Over 100 years of The Camping and Caravanning Club
The Camping and Caravanning Club exists to help its over a third of a million members reap the maximum enjoyment and value-for-money from their camping. In this article we look at its proud history, where it stands today, and what its future may hold.
In August 1901, six people went camping in an orchard on the outskirts of Wantage and from this ‘small acorn’ has grown the ‘mighty oak’ known as The Camping and Caravanning Club.
Thomas Hiram Holding
The prime mover was Thomas Hiram Holding, a London-based journeyman tailor, who had developed a passion for camping at the age of nine, whilst crossing the American prairies with his parents in 1853, as part of a wagon train.
Holding was a keen cyclist and one of the leading lights in the formation of the Bicycle Touring Club in 1878. Then, years later, a chance conversation with a friend, who wanted to try ‘cycle camping’ resulted in him designing some suitable lightweight kit and, with four friends, embarking on a cycle camping expedition in Ireland.
In a book chronicling the experience (Cycle and Camp in Connemara) Holding invited interested readers to contact him and this resulted in the formation of the Association of Cycle Campers, with thirteen members, in 1901. Its inaugural camp at Wantage, with just six people in attendance, was the first meeting of the organisation now known as The Camping and Caravanning Club.
The Pre-War Years
Captain Robert Falcon-Scott
By 1906, the Association had several hundred members and, in June that year, the first Club Site was opened at Weybridge. A feeling amongst some members, that the scope of activities should be widened, led to a group of members forming The Camping Club. Holding himself severed his links with the Association of Cycle Campers and formed the National Camping Club. In 1909, the Association of Cycle Campers and the Camping Club amalgamated under the title of the Amateur Camping Club, and in 1910, this organisation and the National Camping Club combined, with a total membership of 820.
It was in this period, too, that the current local structure of the Club began to emerge, with the Birmingham District Association being formed in 1907, followed within months by the Metropolitan DA (later to be renamed London and District DA) and the North Midlands DA.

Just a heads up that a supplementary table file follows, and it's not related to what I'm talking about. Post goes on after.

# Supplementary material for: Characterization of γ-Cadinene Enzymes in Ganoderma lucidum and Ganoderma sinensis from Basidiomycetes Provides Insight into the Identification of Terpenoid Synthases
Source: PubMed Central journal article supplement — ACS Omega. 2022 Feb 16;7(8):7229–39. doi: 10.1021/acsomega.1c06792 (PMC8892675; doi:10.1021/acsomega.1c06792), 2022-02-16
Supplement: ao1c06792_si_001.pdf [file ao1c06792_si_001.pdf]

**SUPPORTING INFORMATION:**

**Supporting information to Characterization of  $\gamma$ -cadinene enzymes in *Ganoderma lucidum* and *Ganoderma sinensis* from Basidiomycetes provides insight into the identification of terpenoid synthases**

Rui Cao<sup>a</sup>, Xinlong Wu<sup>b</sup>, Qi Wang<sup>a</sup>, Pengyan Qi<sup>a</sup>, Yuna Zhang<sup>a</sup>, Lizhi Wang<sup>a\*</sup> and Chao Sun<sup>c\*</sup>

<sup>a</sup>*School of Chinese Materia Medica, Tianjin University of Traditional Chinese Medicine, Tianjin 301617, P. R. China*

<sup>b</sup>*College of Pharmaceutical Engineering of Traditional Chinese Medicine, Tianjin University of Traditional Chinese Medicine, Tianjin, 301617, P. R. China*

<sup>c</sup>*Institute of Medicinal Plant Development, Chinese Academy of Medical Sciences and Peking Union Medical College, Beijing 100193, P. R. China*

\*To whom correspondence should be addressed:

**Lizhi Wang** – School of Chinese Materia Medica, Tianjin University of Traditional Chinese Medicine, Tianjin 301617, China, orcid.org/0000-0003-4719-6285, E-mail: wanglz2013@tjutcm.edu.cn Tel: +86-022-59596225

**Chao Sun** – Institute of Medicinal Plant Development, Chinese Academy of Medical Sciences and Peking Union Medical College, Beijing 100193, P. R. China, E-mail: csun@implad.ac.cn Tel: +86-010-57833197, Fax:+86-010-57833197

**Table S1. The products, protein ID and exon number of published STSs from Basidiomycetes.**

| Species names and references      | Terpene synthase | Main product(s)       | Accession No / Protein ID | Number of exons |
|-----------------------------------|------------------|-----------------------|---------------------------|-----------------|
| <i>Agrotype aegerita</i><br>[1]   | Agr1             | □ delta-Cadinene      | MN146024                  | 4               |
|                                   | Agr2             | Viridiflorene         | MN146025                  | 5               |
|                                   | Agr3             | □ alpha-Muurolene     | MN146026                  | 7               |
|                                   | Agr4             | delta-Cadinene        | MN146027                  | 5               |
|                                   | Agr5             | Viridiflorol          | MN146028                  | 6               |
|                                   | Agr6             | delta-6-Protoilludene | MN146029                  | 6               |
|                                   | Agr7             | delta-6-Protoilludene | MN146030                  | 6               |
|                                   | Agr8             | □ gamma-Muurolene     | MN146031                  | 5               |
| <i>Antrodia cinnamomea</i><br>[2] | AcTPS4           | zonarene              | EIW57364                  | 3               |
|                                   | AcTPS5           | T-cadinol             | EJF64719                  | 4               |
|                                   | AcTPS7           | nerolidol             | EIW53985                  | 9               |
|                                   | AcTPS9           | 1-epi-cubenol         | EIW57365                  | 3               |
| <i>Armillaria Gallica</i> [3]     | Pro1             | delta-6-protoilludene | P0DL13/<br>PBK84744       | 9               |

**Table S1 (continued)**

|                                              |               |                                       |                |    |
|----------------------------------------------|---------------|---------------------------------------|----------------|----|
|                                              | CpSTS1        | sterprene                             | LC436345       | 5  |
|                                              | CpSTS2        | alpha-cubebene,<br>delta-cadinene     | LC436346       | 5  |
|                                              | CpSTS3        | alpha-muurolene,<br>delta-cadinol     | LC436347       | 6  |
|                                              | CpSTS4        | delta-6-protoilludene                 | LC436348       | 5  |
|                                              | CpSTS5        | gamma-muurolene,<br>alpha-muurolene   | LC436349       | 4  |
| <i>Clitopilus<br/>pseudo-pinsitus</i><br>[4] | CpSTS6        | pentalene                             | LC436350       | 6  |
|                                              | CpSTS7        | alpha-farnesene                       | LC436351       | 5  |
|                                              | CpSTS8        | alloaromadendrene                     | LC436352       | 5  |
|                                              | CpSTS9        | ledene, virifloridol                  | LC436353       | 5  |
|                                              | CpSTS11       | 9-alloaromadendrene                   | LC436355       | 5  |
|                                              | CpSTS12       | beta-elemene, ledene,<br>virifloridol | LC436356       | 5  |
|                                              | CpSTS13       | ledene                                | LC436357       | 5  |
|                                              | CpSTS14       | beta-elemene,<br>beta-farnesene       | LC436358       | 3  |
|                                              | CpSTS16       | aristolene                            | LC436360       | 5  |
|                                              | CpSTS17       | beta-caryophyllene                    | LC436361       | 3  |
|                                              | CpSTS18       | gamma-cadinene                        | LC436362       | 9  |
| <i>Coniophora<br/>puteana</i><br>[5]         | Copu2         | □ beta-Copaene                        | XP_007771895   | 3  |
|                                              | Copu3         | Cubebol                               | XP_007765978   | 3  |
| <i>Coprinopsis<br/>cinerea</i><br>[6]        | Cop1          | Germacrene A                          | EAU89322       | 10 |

In 1909, Captain Robert Falcon-Scott, RN, later to become better known as Scott of the Antarctic, became President of the Club, a post he held until his tragic death three years later.
The Great War and Beyond
The war years were a difficult period for the Club, with membership in 1914 slipping back to just 755. Then, with the war over, the upward trend resumed and, in 1919, the Club changed its name to The Camping Club of Great Britain and Ireland. That same year Sir Robert Baden-Powell, already well-known as a hero of the Boer War and founder of the Boy Scouts, became its President.
Sir Robert Baden-Powell
The first Club Feast of Lanterns was held in 1921 at Deep Dene, Dorking. Based on Chinese tradition, this was an event in which members were encouraged to decorate their units with hand-made lanterns. It was to become the Club’s biggest annual event and, nowadays, is attended by many thousands of people.
In 1930, the Club mourned the passing of its founder, Thomas Hiram Holding and then, in 1932, it took the initiative in forming the International Federation of Camping Clubs (Federation Internationale de Camping et de Caravaning – FICC), which has, ever since, held international rallies in member countries. It also formed a Mountaineering Section and a Folk Group.
In the following year, the British Canoe Association became the Canoe Section of the Club. Also, by this time, some Club members were becoming interested in a new form of camping – the caravan.
In those days, although companies like Eccles, Winchester Car Cruiser and Raven were producing caravans commercially, some Club members built their own, mostly using Ash as the timber for the chassis and drawbar, and wheels and springs from a crashed motor car, such as a Morris Cowley. Plywood was used for the walls and stretched and doped canvas for the roof.
This upsurge in interest led, in 1933, to the formation of a Club Caravan Section, later to become known as The British Caravanners Club. The Photo Group was formed in 1935.
The years leading to the outbreak of the Second World War saw continued membership growth and the addition of several more Club Sites. However, the Thirties were also dogged by legal battles between landowners and those demanding free access to moorlands and uplands, as a growing outdoor movement gained unstoppable momentum. This led to Mass Trespasses being organised and the first of these, on Kinder Scout, was close to the Club’s site at Hayfield. Many Camping Club members took part.